- Do you have the funding and need people to work with?
- Who's already supporting this project?
- Who can we contact, as references, to find out more about the good work you've already been doing?
What Do You Need?
- What would it take for you to make a difference?
- Are you looking for partners? Connections? Some funding? A place to meet? Some special sort of expertise?
- What kind of connections and contributions do you need to give your own gifts, and make your own contribution, more fully?
- What kind of support do you need for this project?
What Will You Do?
- What will you do if you get the help you need?
- What are your immediate next steps?
- What results will you produce?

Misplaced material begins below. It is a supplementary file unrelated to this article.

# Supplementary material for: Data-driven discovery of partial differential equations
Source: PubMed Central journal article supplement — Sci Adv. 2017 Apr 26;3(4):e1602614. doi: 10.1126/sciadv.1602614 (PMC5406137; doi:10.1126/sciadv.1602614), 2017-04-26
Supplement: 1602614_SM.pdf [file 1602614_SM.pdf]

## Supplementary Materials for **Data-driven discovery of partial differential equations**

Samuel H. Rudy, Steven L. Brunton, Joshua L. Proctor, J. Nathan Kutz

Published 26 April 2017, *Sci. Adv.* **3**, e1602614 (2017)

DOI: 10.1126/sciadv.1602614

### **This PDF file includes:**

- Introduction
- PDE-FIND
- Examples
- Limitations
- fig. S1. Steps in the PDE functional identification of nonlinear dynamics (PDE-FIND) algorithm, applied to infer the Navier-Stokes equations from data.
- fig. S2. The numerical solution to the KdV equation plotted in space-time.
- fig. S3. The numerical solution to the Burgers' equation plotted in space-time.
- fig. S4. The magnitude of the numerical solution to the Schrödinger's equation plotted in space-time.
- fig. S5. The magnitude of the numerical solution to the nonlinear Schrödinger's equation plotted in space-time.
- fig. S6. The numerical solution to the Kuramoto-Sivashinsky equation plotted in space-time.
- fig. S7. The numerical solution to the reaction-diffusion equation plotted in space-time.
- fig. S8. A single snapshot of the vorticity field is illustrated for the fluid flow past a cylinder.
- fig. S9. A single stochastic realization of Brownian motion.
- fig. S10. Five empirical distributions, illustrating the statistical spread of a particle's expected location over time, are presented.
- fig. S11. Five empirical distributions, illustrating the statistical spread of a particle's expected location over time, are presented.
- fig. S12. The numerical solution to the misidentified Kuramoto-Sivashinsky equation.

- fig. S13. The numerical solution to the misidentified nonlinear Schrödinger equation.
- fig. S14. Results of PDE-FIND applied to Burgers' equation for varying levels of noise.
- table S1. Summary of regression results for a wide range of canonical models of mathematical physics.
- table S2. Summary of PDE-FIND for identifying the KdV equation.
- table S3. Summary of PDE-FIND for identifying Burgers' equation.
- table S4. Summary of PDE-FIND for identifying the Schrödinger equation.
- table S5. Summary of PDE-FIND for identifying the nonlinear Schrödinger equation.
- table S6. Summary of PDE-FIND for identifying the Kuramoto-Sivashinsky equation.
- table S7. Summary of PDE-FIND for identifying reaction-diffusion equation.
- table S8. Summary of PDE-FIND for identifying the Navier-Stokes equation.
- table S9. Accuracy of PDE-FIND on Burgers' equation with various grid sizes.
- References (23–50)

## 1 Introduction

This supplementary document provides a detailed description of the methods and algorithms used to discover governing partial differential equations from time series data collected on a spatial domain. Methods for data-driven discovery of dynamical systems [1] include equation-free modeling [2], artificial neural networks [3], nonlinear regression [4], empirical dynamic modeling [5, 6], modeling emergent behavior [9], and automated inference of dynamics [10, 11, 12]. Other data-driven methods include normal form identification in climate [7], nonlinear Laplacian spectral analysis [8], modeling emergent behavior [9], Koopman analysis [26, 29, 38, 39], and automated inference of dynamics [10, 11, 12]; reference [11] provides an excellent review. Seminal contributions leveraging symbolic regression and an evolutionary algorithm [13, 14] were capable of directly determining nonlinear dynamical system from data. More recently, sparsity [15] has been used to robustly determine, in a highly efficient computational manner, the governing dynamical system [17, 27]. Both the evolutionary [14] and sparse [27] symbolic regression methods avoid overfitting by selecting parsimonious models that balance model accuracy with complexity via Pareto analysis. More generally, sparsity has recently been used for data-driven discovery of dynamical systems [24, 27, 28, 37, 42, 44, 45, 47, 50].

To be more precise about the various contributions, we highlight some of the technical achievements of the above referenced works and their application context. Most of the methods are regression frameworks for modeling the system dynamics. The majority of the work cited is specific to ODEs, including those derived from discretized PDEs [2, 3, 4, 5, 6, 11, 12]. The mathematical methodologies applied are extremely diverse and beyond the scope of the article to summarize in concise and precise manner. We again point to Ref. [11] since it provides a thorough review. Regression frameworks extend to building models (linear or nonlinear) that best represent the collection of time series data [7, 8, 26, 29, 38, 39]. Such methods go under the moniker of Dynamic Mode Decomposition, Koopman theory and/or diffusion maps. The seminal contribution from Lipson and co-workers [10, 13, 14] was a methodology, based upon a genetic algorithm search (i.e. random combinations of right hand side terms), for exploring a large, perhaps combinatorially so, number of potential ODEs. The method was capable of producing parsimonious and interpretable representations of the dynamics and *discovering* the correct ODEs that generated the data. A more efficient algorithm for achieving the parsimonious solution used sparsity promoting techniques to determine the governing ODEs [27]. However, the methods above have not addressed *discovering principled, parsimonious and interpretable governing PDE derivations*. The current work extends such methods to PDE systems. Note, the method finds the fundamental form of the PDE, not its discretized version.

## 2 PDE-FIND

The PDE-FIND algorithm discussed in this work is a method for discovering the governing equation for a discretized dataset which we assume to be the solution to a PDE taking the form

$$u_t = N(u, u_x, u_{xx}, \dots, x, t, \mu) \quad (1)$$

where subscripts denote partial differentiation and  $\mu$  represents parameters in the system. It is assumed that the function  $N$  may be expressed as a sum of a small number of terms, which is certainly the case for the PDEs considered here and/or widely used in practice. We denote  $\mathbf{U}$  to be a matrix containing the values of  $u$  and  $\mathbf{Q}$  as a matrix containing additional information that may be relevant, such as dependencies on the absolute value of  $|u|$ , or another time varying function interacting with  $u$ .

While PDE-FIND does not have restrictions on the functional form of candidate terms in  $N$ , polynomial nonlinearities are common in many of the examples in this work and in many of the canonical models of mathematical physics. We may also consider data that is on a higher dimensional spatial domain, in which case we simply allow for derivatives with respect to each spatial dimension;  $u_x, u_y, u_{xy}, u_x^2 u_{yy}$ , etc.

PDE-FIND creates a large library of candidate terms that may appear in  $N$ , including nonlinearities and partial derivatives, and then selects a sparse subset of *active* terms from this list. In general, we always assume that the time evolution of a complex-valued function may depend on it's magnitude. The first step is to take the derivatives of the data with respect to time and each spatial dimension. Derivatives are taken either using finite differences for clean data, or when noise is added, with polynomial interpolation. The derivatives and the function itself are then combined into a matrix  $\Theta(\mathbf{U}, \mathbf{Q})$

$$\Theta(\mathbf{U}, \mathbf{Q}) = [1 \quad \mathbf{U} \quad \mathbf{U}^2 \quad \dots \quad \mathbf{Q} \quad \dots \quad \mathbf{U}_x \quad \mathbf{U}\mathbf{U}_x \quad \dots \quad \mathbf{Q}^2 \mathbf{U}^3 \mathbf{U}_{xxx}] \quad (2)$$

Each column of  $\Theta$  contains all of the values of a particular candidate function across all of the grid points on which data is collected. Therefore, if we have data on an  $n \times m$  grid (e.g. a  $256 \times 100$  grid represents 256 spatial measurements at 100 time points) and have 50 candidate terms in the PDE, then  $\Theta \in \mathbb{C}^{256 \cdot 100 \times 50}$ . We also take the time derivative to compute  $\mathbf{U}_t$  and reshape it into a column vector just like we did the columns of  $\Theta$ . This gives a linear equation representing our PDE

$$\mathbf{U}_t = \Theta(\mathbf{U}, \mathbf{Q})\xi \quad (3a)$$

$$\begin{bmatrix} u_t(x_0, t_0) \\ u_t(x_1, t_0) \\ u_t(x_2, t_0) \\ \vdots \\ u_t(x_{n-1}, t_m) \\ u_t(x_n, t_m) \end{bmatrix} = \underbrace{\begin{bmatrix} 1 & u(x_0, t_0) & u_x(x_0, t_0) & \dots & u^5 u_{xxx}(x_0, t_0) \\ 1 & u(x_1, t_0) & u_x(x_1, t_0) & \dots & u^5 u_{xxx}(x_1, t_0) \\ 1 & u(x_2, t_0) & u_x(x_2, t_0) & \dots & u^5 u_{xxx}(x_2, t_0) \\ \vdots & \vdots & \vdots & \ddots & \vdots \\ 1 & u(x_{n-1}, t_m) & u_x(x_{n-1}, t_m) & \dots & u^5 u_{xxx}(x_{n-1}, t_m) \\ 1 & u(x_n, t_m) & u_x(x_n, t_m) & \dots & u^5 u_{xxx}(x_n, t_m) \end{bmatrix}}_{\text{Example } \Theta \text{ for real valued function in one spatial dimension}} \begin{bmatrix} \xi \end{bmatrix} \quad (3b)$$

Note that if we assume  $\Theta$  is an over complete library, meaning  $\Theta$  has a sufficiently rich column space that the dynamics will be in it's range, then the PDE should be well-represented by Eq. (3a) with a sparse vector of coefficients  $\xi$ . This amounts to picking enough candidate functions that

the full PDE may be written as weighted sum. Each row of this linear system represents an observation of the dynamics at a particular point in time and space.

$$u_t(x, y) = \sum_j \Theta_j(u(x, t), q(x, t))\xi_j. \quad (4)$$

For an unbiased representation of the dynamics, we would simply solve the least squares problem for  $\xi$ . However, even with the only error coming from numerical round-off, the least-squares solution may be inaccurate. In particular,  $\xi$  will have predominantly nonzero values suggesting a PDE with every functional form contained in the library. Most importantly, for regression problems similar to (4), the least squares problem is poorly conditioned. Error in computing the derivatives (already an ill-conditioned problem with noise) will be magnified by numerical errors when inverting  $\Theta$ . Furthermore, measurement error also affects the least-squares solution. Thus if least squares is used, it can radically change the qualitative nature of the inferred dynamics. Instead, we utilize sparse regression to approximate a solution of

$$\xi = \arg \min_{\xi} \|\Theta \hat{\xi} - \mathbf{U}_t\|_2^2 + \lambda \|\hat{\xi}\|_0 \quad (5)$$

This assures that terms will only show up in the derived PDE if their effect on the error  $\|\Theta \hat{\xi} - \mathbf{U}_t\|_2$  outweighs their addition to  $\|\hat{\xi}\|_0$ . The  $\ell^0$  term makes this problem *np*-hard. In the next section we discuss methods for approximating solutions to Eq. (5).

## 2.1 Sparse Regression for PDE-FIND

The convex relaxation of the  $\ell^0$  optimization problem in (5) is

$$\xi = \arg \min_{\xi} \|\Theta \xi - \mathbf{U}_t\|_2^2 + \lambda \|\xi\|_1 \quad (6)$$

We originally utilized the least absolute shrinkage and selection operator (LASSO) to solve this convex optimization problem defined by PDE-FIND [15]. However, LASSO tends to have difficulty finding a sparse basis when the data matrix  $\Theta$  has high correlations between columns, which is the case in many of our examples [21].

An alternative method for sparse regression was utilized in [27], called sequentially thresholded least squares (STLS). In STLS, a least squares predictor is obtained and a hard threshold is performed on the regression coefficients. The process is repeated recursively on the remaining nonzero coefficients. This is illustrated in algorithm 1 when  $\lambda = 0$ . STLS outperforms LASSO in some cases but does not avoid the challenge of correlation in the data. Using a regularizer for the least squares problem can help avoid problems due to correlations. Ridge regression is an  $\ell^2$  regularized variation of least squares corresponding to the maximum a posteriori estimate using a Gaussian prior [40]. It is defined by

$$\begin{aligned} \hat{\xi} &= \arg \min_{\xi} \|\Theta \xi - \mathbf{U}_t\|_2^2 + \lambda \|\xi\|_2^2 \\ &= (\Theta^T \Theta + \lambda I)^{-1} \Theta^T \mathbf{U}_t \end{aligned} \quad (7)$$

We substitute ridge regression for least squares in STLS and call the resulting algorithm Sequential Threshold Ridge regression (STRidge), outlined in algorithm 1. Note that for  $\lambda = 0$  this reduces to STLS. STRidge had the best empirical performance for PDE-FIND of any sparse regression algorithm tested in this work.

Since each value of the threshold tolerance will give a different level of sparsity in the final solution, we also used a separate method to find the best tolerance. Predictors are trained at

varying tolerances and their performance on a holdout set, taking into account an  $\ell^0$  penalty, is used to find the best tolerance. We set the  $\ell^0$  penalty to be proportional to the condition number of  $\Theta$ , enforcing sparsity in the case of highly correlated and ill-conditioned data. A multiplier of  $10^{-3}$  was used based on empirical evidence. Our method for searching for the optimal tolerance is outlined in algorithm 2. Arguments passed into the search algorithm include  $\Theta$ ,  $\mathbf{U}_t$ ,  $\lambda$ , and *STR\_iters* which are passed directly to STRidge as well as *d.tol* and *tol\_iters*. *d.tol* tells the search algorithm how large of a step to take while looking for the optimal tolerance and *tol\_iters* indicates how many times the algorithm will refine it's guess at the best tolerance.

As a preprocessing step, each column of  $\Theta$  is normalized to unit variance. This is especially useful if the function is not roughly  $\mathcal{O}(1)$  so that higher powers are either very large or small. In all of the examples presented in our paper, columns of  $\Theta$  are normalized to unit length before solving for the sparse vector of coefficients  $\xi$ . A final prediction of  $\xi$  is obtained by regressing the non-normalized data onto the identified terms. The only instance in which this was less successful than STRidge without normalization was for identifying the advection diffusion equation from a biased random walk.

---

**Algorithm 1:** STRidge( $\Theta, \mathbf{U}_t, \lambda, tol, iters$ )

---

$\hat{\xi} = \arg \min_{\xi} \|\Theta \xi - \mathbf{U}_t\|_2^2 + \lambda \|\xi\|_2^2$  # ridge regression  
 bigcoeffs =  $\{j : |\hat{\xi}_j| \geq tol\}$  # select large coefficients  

- Where will you report your progress and success stories?
- How will all of this benefit you, your contributors and the situation and people you are wanting to serve?
- What can you promise to this project and anyone else who will join you in it?
Those are some fantastic questions.
One of my favorite things to do is connecting people. Meeting someone and saying, "Oh, you should talk to so-and-so." In fact, one of the elements in my Passion Core is "being a catalyst," part of which is connecting people and watching what happens.
I love the fact that these guys are taking that to a new level with this idea. Talk about multiplier effect potential!
As I've mentioned in previous posts, the idea of "making a difference" as a key passion component keeps finding its way into my mind of late.
In Laurence Boldt's hefty tome Zen and the Art of Making a Living, one of the things I have resisted is his chapter on identifying your purpose. His basic take is that it's about serving. Who do you want to serve? How do you want to serve them? How many do you want to serve? Etc.